Kate Walsh Honea is curled up on a couch in her dressing room backstage at the Sarasota Ballet, talking about the impetus behind her ballet, “Percolator.”
Oddly, as Honea discusses the piece — inspired by a coffee shop and the popular bayfront exhibit “Embracing Our Differences” — the smell of freshly brewed java drifts down the corridor and seeps under Honea’s door.
Honea, together with fellow Sarasota Ballet dancers Octavio Martin and Jamie Carter, will share this season’s final bill with beloved choreographers George Balanchine and Matthew Bourne. It is the first time the trio has created original ballets for their own company, and the project has proven especially invigorating for Honea, a principal dancer who sat out half the season this year with an ankle injury.
“I spent the past two months with my foot in a boot,” Honea sighs. “All I’ve been doing is researching and listening to music, dancing around my living room and diagramming songs.”
The tie-in to “Embracing Our Differences,” up now through May 2 on the Sarasota bayfront, has not only helped steer the trio, it’s further cemented Artistic Director Iain Webb’s emphasis on collaboration within the community.
Pulling insight from several pieces of artwork featured in past and current “Embracing Our Differences” exhibitions, Honea, Martin and Carter choreographed short ballet performances. It’s the first time the dancers have created ballets for a professional company.
Honea’s piece, much like her personality, is light-hearted and effervescent. When she considered the theme of the ballet, she immediately thought of her husband’s coffee shop, Fuel, where you’re just as apt to run across a ballerina sipping an espresso as you are a motorcyclist downing a cappuccino.
“I didn’t want to do something too political,” says Honea, who chose to outfit dancers in 1940s-era costumes. “I wanted a piece the dancers could have fun with at the end of the year. A café seemed like the perfect setting — just look around one sometime. All walks of life come in and no one thinks twice about it.”
“Percolator” consists of four songs, all of them relating to coffee in some way, including a French pop song that gets increasingly hectic with each verse and singer Michael Bublé’s sultry cover of “Me and Mrs. Jones,” about an affair that takes place at a café.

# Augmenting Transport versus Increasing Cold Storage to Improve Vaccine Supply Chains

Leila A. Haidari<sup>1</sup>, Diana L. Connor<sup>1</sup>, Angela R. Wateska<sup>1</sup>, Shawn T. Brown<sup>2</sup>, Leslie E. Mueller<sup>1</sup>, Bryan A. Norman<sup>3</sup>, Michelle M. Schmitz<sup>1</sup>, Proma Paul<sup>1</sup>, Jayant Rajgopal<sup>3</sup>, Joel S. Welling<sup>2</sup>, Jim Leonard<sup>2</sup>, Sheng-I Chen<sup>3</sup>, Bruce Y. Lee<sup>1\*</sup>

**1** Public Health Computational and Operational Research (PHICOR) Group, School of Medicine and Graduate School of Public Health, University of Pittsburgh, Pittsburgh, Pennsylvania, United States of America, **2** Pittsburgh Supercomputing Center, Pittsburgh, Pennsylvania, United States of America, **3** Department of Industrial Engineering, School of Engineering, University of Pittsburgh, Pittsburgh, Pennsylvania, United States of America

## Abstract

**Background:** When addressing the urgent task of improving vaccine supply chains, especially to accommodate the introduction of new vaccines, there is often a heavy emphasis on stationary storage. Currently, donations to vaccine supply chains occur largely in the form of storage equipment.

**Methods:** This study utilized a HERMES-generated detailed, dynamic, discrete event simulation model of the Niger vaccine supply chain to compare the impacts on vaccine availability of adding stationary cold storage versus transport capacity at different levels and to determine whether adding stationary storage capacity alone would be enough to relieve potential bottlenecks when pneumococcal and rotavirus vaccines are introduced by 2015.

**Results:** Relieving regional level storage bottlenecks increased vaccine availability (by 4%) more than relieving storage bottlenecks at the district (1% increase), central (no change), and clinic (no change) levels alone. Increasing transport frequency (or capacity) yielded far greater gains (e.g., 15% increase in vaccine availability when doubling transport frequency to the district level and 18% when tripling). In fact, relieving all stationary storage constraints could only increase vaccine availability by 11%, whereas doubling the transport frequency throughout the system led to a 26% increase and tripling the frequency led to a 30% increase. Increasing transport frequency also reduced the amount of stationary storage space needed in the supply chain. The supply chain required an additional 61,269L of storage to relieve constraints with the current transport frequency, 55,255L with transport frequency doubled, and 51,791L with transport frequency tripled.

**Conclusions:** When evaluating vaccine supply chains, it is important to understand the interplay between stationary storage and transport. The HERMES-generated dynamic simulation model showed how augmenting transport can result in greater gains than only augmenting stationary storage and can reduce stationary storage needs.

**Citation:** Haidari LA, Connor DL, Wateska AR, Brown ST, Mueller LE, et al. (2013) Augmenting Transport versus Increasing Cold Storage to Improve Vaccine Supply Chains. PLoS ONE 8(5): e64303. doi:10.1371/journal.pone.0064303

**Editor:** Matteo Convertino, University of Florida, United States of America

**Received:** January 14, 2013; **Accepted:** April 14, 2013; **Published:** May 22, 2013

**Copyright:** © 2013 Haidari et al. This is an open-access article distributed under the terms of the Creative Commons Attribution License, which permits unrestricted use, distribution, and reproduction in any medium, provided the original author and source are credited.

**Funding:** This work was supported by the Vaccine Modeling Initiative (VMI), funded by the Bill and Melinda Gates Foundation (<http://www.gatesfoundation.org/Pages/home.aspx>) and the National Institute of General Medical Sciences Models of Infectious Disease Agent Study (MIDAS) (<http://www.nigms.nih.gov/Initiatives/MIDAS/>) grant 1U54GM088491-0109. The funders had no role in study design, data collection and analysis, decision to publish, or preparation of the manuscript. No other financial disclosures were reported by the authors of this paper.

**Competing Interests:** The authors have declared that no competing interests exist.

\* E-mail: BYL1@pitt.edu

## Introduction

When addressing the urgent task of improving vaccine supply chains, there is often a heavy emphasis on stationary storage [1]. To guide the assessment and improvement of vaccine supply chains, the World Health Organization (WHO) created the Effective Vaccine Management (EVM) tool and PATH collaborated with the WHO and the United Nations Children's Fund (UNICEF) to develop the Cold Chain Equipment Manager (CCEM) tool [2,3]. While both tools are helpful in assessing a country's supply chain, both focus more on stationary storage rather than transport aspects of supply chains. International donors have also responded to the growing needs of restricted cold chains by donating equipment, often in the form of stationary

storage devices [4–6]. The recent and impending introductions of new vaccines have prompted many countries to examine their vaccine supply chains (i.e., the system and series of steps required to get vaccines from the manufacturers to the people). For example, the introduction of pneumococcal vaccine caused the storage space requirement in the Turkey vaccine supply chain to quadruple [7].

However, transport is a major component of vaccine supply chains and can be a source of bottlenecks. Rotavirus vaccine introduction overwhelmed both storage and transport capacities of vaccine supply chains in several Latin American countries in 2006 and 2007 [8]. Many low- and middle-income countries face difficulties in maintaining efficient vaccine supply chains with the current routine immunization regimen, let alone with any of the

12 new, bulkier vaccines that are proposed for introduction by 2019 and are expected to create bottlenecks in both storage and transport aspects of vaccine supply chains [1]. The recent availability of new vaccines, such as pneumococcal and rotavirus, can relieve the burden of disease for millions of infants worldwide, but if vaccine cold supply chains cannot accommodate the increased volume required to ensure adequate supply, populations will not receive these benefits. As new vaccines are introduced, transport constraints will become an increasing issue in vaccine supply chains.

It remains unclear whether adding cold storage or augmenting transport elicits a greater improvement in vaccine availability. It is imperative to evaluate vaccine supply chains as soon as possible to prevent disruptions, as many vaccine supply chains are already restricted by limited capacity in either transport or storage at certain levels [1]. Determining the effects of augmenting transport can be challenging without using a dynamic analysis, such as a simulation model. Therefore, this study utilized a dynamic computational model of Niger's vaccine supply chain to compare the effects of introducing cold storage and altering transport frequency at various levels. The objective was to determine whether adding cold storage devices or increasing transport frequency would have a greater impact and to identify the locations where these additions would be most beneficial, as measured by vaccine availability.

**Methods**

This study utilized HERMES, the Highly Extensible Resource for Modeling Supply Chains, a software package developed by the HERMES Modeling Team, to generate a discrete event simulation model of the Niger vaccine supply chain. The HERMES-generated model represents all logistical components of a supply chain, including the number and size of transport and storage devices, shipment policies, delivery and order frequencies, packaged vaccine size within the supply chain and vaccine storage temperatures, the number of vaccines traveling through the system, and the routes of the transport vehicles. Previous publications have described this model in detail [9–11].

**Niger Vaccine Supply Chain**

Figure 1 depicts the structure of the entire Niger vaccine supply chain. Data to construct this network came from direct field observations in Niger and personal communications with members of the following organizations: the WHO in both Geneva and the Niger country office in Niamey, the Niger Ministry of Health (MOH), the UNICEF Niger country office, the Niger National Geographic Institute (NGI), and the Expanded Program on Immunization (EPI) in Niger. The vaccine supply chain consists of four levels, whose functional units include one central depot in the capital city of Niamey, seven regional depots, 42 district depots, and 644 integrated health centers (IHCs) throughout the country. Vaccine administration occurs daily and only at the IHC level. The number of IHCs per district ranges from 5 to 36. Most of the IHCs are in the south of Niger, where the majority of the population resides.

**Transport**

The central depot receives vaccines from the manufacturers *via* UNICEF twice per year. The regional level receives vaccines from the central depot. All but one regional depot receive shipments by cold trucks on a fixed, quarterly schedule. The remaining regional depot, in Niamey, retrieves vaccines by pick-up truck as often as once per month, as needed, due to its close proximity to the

Prop-wise, “Percolator” is the most complicated of the three ballets. Honea is vying for several bistro tables and a coffee bar. The artwork that best complements her caffeinated theme — Elena De Ville’s “Amar” and Ashley Lovett’s “Apples and Oranges” — will be framed and hung within the set.
Martin’s piece is decidedly more dramatic and lusty.
A native of Havana, Cuba, Martin, who is also a principal dancer, drew on his Latin-American roots and penchant for romance when he created “On the Outside,” inspired by a painting by Houston artist Marthann Masterson.
Set to Argentinean tango music by Mikael Jöback and Astor Piazzolla, Martin describes his ballet as “a fusion of different feelings,” above all: loneliness, love and longing.
He chose Masterson’s painting of scattered wooden chairs against a faded orange backdrop because it communicated sensations often characterized by classically romantic ballets. Unlike Honea’s plucky choreography, Martin’s theme and movements are less literal.
“When I look to the painting, I see that love is wonderful, but also painful,” Martin says. “But I don’t want to tell people what they have to see in my ballet. I want them to feel what they want to feel. I want them to interpret.”
Rounding out the premiere is Carter’s “Exist,” an emotional tribute to late Royal Ballet dancer David Ashemole, who taught the dancer when he was a student at the London Studio Centre. Set to Rachmaninov’s Sonata in G minor for cello and piano and inspired by Polish artist Maciej Hoffman’s image of two abstract faces in white and black, Carter’s piece explores the idea of life and death.
Featuring only three dancers, the dance is subdued in comparison to the other two works. Even the costumes are stark — bodices and long skirts in pale and midnight blue. The concept is something Carter, now in his third season with the company, has mulled over for a year, prior to ever being handed this assignment.
“The idea was pretty instant,” Carter says. “I don’t think any of us thought about the fact that we’re all drawn to different styles. It was just a lucky coincidence.”
If You Go
The Sarasota Ballet will perform Balanchine’s “Donizetti Variations,” Matthew Bourne’s “Infernal Galop” and new choreography by Kate Walsh Honea, Jamie Carter and Octavio Martin at 8 p.m. April 23, 2 and 7 p.m. April 24 and 2 and 8 p.m. April 25, at the FSU Center for the Performing Arts, 5555 N. Tamiami Trail. For more information, call 359-0099 or visit www.sarasotaballet.org.
Contact Heidi Kurpiela at email@example.com.